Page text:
People are starting to call Apple's Safari web browser 'the new Internet Explorer'

Tim cook annoyedJustin Sullivan/Getty ImagesApple CEO Tim Cook speaks during an Apple announcement at the Yerba Buena Center for the Arts on October 22, 2013 in San Francisco, California.

Apple’s web browser Safari risks becoming an outdated program that developers and customers don’t use, Ars Technica argues.

Ars Technica makes a convincing case: Apple isn’t updating its web browser enough, so it’s not supporting tools like certain APIs that web developers use to make sites.

It might not seem like a big problem if Apple doesn’t support every new API and developer tool in use, but it could mean that developers decide not to test their sites for Safari, which could mean it eventually becomes an outdated and unsupported browser like Microsoft’s Internet Explorer.

It’s not just Ars Technica’s Nolan Lawson who feels concerned about Safari. Apple writer Ben Thompson said in his daily email on Monday that “Safari is slower to adopt standards if it adopts them at all, Apple doesn’t really attend conferences (although folks working on Safari are active on web standards mailing lists), and iOS does not allow other rendering engines on iOS.”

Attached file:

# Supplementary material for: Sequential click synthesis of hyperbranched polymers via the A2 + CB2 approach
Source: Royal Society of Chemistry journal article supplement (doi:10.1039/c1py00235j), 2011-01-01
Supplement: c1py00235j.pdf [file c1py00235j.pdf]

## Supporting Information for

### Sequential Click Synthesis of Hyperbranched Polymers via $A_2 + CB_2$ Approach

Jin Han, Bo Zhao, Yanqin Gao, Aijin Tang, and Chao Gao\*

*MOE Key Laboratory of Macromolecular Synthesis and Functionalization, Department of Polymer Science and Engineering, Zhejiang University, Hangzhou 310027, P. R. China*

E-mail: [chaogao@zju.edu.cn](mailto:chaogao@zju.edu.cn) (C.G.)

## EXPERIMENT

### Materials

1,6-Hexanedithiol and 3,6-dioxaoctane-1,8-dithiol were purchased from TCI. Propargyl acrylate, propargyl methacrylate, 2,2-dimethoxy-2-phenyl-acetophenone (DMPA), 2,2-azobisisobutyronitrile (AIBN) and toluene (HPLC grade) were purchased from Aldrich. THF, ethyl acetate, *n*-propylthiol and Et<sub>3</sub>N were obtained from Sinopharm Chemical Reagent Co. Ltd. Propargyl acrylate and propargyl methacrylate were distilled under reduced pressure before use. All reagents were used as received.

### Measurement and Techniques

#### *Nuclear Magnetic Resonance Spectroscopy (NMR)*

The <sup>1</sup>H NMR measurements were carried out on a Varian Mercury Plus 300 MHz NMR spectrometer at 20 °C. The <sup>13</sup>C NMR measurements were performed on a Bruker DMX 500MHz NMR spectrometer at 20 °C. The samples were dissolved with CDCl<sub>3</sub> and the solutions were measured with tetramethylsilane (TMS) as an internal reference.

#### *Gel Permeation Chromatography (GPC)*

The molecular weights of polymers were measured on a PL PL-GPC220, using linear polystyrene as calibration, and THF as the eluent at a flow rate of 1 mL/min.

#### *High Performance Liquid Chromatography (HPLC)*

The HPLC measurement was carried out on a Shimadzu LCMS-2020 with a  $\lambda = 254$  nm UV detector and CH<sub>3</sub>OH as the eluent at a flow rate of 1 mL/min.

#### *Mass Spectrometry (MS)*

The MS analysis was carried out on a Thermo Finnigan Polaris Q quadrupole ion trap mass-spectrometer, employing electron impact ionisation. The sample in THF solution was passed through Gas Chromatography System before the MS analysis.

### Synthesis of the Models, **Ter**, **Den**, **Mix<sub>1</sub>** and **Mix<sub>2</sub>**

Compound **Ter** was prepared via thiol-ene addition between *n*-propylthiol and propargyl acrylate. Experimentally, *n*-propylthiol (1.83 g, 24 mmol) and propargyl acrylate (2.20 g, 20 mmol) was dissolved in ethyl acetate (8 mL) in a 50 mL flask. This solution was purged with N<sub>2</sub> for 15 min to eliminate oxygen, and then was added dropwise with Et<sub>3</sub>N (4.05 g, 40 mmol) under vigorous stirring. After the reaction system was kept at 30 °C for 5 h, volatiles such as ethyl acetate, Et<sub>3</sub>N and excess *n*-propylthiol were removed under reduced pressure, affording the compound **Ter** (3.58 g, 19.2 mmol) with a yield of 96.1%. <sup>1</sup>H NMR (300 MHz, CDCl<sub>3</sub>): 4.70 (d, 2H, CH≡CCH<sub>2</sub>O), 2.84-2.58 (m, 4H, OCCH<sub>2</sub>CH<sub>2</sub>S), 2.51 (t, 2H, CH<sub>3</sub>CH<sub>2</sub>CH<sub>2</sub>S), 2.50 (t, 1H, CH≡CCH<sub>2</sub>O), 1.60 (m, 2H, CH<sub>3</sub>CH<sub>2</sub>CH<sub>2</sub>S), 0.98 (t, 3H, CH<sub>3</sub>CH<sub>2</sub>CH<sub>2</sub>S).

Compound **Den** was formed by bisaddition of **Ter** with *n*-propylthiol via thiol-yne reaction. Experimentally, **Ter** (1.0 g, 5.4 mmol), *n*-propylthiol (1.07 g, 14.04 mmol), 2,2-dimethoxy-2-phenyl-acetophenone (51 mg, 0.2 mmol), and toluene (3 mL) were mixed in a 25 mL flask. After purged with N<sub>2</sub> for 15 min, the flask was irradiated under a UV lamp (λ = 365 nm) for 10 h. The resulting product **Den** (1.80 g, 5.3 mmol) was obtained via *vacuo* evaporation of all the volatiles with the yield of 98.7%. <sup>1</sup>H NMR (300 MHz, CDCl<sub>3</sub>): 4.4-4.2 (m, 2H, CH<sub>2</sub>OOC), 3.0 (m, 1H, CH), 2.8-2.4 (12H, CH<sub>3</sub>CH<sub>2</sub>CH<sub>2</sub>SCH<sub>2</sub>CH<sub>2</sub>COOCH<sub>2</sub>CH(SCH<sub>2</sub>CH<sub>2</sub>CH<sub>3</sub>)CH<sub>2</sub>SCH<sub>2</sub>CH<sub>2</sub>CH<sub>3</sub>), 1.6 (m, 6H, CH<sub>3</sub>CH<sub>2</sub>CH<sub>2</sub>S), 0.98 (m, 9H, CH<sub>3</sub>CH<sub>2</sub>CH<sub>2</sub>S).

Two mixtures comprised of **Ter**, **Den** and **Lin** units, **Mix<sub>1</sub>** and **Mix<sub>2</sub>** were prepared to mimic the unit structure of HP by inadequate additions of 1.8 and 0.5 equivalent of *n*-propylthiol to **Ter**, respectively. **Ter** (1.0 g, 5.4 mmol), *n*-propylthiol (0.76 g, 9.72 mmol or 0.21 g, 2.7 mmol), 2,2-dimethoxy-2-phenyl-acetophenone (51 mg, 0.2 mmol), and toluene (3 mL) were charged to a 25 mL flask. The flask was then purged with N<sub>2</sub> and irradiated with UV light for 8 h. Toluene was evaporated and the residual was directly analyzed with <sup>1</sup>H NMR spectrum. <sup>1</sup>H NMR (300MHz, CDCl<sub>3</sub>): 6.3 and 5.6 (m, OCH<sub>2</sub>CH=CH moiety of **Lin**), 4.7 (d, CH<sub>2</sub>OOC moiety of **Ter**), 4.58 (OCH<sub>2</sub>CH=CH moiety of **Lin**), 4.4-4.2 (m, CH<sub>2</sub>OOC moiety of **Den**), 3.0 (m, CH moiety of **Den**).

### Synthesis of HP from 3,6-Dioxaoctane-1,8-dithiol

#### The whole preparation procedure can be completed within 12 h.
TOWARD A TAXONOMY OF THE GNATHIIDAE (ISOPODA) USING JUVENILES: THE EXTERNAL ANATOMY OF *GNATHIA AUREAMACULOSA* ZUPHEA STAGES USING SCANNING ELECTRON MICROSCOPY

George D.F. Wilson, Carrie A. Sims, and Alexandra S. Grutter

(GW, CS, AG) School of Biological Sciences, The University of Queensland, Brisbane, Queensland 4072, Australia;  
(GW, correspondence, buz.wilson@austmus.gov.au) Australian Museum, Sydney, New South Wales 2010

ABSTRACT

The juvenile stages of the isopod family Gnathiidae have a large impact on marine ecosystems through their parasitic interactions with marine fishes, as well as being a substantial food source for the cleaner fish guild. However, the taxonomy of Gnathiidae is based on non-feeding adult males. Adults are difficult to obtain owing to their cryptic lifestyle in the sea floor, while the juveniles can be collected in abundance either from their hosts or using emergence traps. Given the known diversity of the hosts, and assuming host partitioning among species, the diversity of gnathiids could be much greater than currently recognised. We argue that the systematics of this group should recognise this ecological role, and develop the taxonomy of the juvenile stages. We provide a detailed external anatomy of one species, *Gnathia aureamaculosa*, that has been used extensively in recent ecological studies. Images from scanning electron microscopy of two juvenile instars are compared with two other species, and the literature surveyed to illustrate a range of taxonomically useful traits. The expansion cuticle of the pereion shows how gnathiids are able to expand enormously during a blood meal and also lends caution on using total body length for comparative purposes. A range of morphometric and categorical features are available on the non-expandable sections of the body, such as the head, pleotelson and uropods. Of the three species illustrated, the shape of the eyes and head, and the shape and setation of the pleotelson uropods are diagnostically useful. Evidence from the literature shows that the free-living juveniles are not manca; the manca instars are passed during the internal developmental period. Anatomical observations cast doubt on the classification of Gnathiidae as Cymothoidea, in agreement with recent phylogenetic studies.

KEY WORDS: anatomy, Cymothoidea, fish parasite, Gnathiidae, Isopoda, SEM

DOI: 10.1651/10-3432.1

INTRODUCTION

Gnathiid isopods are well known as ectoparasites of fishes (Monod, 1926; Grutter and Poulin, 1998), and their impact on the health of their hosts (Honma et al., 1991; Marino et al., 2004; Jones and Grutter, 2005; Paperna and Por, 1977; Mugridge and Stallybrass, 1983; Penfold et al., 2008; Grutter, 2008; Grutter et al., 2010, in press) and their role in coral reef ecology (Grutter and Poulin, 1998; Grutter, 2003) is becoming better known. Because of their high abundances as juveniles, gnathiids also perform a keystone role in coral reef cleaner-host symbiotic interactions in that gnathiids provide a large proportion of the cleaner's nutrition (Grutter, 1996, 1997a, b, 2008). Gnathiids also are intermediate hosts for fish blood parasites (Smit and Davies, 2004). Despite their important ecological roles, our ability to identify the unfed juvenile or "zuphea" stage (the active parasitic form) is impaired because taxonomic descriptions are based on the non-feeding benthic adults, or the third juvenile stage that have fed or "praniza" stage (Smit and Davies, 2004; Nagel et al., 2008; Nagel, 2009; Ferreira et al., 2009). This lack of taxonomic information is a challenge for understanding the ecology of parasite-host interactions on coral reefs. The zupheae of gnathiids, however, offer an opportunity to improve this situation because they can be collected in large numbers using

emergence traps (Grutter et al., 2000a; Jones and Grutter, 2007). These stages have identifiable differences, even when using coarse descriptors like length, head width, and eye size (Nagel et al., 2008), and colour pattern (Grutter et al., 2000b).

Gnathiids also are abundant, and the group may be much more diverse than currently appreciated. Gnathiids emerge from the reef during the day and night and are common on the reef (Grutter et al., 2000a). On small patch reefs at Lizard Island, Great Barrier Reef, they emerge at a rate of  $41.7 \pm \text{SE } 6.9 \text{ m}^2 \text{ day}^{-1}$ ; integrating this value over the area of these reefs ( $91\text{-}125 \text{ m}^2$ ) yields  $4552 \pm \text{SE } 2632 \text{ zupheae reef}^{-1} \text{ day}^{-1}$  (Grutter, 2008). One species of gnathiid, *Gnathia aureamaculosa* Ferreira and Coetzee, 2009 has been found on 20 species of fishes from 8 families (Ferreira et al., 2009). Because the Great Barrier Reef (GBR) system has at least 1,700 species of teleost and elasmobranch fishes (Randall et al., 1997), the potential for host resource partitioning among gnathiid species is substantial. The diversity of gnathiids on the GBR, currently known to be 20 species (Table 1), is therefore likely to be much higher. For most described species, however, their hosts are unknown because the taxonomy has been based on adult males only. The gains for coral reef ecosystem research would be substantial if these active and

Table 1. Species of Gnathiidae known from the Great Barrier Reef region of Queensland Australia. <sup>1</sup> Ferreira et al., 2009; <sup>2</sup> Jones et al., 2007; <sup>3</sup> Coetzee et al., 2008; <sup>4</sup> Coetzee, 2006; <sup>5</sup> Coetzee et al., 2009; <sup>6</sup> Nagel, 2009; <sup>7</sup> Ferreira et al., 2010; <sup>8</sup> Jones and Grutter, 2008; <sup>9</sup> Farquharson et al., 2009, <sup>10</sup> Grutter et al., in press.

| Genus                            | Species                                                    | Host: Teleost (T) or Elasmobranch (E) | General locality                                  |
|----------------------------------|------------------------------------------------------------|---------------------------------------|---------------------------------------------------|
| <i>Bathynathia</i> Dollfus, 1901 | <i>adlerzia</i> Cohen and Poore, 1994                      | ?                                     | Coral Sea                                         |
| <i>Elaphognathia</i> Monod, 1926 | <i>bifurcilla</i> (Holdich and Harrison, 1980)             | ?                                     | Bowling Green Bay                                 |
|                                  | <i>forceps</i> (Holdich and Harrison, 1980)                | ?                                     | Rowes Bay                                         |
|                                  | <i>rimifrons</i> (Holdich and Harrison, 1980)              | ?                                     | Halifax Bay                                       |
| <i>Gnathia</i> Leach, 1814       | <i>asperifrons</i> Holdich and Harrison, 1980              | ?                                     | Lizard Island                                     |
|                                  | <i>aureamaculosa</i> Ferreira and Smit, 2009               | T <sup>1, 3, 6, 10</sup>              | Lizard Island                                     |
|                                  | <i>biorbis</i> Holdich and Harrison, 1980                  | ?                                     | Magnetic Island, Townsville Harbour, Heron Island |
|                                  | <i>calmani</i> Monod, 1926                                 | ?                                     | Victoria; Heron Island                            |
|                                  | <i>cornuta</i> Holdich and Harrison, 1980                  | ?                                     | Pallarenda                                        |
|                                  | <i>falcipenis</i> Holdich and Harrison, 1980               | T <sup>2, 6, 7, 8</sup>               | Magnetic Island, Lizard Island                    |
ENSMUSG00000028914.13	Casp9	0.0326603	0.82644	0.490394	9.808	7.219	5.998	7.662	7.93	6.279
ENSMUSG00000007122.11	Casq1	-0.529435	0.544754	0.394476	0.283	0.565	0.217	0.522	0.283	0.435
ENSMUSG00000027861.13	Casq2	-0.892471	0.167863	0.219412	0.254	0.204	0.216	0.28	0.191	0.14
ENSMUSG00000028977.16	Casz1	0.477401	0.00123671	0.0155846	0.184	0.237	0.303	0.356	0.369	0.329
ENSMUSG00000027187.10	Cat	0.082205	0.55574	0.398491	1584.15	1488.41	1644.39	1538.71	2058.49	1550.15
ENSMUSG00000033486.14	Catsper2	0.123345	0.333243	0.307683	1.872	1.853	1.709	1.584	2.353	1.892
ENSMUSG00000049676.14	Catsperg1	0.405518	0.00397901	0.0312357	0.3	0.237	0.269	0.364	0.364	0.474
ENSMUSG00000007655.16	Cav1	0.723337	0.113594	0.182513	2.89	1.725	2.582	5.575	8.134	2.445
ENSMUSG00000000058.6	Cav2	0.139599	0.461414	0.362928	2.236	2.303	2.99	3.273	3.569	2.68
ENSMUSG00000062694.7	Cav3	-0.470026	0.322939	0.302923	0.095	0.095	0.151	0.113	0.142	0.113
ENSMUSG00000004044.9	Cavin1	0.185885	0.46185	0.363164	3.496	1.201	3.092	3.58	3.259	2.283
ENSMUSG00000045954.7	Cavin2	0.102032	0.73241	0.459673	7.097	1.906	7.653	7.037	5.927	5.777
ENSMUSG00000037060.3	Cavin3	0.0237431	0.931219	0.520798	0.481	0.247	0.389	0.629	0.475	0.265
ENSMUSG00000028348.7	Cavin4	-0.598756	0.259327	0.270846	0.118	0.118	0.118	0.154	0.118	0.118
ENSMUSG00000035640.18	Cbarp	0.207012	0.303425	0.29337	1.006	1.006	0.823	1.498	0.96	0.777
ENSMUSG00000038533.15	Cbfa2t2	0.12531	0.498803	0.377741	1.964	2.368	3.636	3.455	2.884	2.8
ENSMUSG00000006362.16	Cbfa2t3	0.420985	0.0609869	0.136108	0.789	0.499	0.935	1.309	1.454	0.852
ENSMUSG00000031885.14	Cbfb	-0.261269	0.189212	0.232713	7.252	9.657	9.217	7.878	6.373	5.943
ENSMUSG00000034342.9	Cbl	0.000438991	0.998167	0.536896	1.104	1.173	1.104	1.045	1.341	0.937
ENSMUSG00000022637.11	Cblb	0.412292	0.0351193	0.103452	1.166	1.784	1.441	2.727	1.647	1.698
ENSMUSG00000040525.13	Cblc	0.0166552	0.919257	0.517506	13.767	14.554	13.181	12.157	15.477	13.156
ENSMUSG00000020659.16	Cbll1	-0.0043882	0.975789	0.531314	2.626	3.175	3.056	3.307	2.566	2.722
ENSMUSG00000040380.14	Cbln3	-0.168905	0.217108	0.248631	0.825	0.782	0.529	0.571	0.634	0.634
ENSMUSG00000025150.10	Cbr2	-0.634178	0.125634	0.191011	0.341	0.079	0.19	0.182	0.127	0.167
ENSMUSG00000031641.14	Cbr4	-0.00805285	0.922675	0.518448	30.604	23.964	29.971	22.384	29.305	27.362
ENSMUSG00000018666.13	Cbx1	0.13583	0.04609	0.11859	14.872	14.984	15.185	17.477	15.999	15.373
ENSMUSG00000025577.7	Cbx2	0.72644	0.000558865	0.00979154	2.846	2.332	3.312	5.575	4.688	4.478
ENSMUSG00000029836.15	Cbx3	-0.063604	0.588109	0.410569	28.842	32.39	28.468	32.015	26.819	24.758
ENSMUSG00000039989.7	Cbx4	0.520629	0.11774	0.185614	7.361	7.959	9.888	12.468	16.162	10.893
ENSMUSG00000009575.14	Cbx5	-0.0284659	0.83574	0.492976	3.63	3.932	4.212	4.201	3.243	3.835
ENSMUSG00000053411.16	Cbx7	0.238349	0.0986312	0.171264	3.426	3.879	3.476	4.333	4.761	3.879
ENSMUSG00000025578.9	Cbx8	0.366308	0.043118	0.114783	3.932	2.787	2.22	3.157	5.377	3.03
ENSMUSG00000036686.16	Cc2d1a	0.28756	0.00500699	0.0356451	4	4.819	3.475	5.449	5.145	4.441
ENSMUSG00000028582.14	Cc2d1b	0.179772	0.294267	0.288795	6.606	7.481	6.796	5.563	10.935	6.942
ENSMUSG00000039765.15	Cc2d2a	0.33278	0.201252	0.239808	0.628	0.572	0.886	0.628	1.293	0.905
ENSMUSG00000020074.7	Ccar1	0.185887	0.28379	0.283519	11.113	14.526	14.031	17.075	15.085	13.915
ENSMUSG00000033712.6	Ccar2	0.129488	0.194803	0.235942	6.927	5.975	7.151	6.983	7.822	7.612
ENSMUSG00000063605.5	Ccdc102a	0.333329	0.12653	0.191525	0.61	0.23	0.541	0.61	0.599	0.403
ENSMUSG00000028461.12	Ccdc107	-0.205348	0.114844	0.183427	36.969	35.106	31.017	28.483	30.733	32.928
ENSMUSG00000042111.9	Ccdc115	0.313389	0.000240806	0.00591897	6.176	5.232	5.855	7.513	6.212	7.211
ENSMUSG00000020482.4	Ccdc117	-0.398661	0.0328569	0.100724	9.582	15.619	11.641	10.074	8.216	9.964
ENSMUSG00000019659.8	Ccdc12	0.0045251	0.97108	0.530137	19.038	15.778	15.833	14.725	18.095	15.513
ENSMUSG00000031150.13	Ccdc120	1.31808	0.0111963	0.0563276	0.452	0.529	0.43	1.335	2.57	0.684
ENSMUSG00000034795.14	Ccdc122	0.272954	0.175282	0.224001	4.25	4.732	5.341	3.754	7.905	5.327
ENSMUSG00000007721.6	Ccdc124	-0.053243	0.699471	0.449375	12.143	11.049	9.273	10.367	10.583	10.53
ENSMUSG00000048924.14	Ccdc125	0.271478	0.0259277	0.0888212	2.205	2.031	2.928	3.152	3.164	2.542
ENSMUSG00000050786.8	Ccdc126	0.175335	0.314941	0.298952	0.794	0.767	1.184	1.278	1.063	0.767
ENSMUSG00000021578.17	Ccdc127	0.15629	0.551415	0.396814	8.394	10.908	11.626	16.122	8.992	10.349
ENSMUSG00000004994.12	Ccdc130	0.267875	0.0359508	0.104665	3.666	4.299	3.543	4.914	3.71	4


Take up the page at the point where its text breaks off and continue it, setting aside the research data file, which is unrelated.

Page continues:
Apple hasn’t shown many signs of publicly supporting developers working on its Safari platform. It doesn’t attend developer conferences, and the development community is left in the dark about major updates until Apple reveals the news during its keynotes. That’s not an ideal situation for developers who rely on relationships with tech companies to make sure their sites keep working.

So what’s the solution to Apple’s web browser problem? Well, Apple would probably argue that developers should simply release native apps instead of trying to cram their site into a web browser. But that’s not an ideal situation for anyone. Another solution Ars Technica considers is that Apple starts contributing to open source web standards, helping the whole internet, as well as Safari. That doesn’t sound like Apple’s way of thinking, but it could help developers get back onto Safari.

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